Abstract: Out of Many, One: The Divergent Social Vision of William Norris in the Minneapolis Business Community, 1967–1986

Laura Singleton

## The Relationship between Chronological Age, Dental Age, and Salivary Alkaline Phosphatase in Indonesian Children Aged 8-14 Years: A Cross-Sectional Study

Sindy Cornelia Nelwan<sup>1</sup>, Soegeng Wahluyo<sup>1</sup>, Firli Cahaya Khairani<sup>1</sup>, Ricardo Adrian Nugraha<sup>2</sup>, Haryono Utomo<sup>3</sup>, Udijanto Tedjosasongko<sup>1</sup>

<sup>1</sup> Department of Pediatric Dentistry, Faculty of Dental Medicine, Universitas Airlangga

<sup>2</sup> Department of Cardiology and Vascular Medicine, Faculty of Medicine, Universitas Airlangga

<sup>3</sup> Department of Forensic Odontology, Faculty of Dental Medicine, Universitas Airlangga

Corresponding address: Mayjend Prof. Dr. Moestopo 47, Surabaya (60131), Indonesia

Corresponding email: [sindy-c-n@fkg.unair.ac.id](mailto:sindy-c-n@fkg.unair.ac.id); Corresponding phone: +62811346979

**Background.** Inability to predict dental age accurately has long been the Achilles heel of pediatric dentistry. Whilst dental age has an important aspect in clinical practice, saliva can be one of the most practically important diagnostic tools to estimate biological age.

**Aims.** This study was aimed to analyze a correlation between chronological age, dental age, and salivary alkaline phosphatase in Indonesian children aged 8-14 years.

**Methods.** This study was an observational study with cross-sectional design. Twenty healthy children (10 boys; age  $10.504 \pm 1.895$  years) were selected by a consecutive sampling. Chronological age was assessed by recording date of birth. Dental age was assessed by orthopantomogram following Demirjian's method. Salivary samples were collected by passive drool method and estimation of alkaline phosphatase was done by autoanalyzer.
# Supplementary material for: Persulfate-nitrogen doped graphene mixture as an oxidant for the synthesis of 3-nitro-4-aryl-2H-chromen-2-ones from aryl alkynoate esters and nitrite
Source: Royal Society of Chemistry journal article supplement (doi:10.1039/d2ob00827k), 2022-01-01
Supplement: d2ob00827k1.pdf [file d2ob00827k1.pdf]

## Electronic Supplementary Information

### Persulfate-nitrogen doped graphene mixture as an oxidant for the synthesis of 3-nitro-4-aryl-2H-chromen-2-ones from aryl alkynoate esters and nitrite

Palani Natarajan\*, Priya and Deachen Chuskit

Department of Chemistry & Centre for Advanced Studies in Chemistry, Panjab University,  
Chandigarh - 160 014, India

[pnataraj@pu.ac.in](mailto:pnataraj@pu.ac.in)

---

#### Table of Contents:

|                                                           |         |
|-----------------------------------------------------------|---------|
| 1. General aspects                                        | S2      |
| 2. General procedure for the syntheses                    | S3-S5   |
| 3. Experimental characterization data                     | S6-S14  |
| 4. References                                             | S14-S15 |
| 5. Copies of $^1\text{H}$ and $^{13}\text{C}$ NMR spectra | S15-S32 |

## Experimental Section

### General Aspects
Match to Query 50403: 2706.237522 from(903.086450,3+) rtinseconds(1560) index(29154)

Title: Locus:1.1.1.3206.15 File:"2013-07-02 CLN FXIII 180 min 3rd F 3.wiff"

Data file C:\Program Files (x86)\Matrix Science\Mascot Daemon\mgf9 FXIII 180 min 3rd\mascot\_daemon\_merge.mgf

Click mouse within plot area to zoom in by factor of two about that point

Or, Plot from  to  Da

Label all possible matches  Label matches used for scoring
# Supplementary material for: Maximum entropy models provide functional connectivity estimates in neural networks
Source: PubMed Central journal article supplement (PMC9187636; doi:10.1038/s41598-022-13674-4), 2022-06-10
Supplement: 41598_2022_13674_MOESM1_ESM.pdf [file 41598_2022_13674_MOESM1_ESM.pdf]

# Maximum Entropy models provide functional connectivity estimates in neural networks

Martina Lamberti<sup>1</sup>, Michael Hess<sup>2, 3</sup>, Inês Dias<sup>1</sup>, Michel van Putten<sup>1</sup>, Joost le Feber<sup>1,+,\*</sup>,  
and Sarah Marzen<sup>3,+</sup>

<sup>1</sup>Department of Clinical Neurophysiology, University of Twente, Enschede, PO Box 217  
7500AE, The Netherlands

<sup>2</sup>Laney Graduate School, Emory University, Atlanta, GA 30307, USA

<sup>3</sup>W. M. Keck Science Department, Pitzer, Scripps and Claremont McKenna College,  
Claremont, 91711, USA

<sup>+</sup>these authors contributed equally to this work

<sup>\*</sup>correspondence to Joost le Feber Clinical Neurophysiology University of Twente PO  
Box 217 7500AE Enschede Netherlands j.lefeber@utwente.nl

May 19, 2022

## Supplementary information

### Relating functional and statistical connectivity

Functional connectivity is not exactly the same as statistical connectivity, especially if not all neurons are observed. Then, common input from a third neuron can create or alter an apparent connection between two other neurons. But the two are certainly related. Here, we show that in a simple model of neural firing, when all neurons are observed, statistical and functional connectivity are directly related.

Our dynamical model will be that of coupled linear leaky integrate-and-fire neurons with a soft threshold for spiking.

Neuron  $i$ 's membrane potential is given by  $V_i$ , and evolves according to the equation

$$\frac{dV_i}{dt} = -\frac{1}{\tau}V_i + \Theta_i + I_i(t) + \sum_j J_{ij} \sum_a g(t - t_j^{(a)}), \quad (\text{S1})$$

Corporate social responsibility practices often take on a character shaped by norms of the local business community. The pressure for businesses to build legitimacy for actions usually perceived as being in tension with economic goals means that community expectations, reinforced through peer networks, have been an important source of creating conformity. Most prominently, Minneapolis has been the subject of numerous studies and articles for its development of a shared corporate culture of philanthropy in the community, through the leadership of local businesses such as Dayton Hudson. Alongside the area's well-known charitable traditions, however, a distinctive formulation of corporate social action developed in a similar time period. William Norris, founder of Control Data Corporation, became widely known for affirming "social needs as business opportunities," stressing the duty of corporations to take on the project of solving social ills as part of their profit-making activities even as he openly criticized the practice of corporate philanthropy so widely lauded in his community. I trace the development of Norris' ideas in parallel to the better-known Minneapolis actors, identifying processes behind his divergence and the differing reactions to the parties' distinctive messages over time.